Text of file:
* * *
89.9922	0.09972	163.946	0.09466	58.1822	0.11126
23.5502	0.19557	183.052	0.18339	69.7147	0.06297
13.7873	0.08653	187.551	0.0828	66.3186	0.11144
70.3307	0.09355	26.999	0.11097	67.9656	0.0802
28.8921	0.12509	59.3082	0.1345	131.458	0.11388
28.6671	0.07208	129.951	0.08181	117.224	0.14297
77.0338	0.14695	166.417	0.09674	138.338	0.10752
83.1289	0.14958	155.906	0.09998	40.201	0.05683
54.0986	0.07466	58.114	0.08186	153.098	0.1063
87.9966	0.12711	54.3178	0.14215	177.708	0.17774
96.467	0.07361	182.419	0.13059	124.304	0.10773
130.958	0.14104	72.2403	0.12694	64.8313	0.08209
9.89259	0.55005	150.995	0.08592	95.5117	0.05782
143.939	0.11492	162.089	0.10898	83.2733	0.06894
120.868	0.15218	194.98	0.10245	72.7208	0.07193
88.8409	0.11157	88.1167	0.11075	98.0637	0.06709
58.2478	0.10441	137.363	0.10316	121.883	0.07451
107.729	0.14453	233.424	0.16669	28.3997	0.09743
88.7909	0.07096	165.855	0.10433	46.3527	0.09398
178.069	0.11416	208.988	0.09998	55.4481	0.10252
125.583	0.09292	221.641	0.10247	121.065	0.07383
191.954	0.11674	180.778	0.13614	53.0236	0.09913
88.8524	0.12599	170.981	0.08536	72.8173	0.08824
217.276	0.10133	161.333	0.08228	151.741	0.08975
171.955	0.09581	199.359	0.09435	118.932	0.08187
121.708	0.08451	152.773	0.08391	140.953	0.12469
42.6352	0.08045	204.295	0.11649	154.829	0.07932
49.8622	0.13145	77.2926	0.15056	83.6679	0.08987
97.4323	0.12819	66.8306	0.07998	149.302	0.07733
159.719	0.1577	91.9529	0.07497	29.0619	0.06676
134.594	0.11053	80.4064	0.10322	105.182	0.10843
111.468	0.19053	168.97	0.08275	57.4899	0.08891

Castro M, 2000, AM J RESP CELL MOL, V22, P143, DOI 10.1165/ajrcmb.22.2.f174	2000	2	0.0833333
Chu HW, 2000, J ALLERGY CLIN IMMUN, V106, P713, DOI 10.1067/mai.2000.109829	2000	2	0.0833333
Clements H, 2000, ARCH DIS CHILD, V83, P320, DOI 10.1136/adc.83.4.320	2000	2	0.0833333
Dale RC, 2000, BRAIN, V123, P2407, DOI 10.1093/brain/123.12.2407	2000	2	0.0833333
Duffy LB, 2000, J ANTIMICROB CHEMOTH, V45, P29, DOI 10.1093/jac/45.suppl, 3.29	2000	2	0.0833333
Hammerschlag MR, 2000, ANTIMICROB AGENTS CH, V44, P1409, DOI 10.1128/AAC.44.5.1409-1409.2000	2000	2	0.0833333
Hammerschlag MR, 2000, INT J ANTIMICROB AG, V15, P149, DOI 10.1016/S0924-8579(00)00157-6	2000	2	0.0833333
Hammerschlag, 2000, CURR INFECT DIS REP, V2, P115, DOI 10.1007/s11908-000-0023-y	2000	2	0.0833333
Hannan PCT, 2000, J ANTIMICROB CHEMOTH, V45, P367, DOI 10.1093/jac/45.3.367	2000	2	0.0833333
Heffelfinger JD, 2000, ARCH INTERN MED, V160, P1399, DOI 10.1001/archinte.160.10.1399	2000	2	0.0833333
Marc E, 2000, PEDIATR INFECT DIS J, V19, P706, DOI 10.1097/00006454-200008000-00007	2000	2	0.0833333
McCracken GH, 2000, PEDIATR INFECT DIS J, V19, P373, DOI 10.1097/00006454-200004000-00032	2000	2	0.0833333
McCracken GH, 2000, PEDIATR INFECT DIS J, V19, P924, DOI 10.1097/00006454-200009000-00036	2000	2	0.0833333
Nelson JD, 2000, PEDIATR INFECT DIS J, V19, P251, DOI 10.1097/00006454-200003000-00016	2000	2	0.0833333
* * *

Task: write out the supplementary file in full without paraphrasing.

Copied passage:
89.9922	0.09972	163.946	0.09466	58.1822	0.11126
23.5502	0.19557	183.052	0.18339	69.7147	0.06297
13.7873	0.08653	187.551	0.0828	66.3186	0.11144
70.3307	0.09355	26.999	0.11097	67.9656	0.0802
28.8921	0.12509	59.3082	0.1345	131.458	0.11388
28.6671	0.07208	129.951	0.08181	117.224	0.14297
77.0338	0.14695	166.417	0.09674	138.338	0.10752
83.1289	0.14958	155.906	0.09998	40.201	0.05683
54.0986	0.07466	58.114	0.08186	153.098	0.1063
87.9966	0.12711	54.3178	0.14215	177.708	0.17774
96.467	0.07361	182.419	0.13059	124.304	0.10773
130.958	0.14104	72.2403	0.12694	64.8313	0.08209
9.89259	0.55005	150.995	0.08592	95.5117	0.05782
143.939	0.11492	162.089	0.10898	83.2733	0.06894
120.868	0.15218	194.98	0.10245	72.7208	0.07193
88.8409	0.11157	88.1167	0.11075	98.0637	0.06709
58.2478	0.10441	137.363	0.10316	121.883	0.07451
107.729	0.14453	233.424	0.16669	28.3997	0.09743
88.7909	0.07096	165.855	0.10433	46.3527	0.09398
178.069	0.11416	208.988	0.09998	55.4481	0.10252
125.583	0.09292	221.641	0.10247	121.065	0.07383
191.954	0.11674	180.778	0.13614	53.0236	0.09913
88.8524	0.12599	170.981	0.08536	72.8173	0.08824
217.276	0.10133	161.333	0.08228	151.741	0.08975
171.955	0.09581	199.359	0.09435	118.932	0.08187
121.708	0.08451	152.773	0.08391	140.953	0.12469
42.6352	0.08045	204.295	0.11649	154.829	0.07932
49.8622	0.13145	77.2926	0.15056	83.6679	0.08987
97.4323	0.12819	66.8306	0.07998	149.302	0.07733
159.719	0.1577	91.9529	0.07497	29.0619	0.06676
134.594	0.11053	80.4064	0.10322	105.182	0.10843
111.468	0.19053	168.97	0.08275	57.4899	0.08891

Castro M, 2000, AM J RESP CELL MOL, V22, P143, DOI 10.1165/ajrcmb.22.2.f174	2000	2	0.0833333
Chu HW, 2000, J ALLERGY CLIN IMMUN, V106, P713, DOI 10.1067/mai.2000.109829	2000	2	0.0833333
Clements H, 2000, ARCH DIS CHILD, V83, P320, DOI 10.1136/adc.83.4.320	2000	2	0.0833333
Dale RC, 2000, BRAIN, V123, P2407, DOI 10.1093/brain/123.12.2407	2000	2	0.0833333
Duffy LB, 2000, J ANTIMICROB CHEMOTH, V45, P29, DOI 10.1093/jac/45.suppl, 3.29	2000	2	0.0833333
Hammerschlag MR, 2000, ANTIMICROB AGENTS CH, V44, P1409, DOI 10.1128/AAC.44.5.1409-1409.2000	2000	2	0.0833333
Hammerschlag MR, 2000, INT J ANTIMICROB AG, V15, P149, DOI 10.1016/S0924-8579(00)00157-6	2000	2	0.0833333
Hammerschlag, 2000, CURR INFECT DIS REP, V2, P115, DOI 10.1007/s11908-000-0023-y	2000	2	0.0833333
Hannan PCT, 2000, J ANTIMICROB CHEMOTH, V45, P367, DOI 10.1093/jac/45.3.367	2000	2	0.0833333
Heffelfinger JD, 2000, ARCH INTERN MED, V160, P1399, DOI 10.1001/archinte.160.10.1399	2000	2	0.0833333
Marc E, 2000, PEDIATR INFECT DIS J, V19, P706, DOI 10.1097/00006454-200008000-00007	2000	2	0.0833333
McCracken GH, 2000, PEDIATR INFECT DIS J, V19, P373, DOI 10.1097/00006454-200004000-00032	2000	2	0.0833333
McCracken GH, 2000, PEDIATR INFECT DIS J, V19, P924, DOI 10.1097/00006454-200009000-00036	2000	2	0.0833333
Nelson JD, 2000, PEDIATR INFECT DIS J, V19, P251, DOI 10.1097/00006454-200003000-00016	2000	2	0.0833333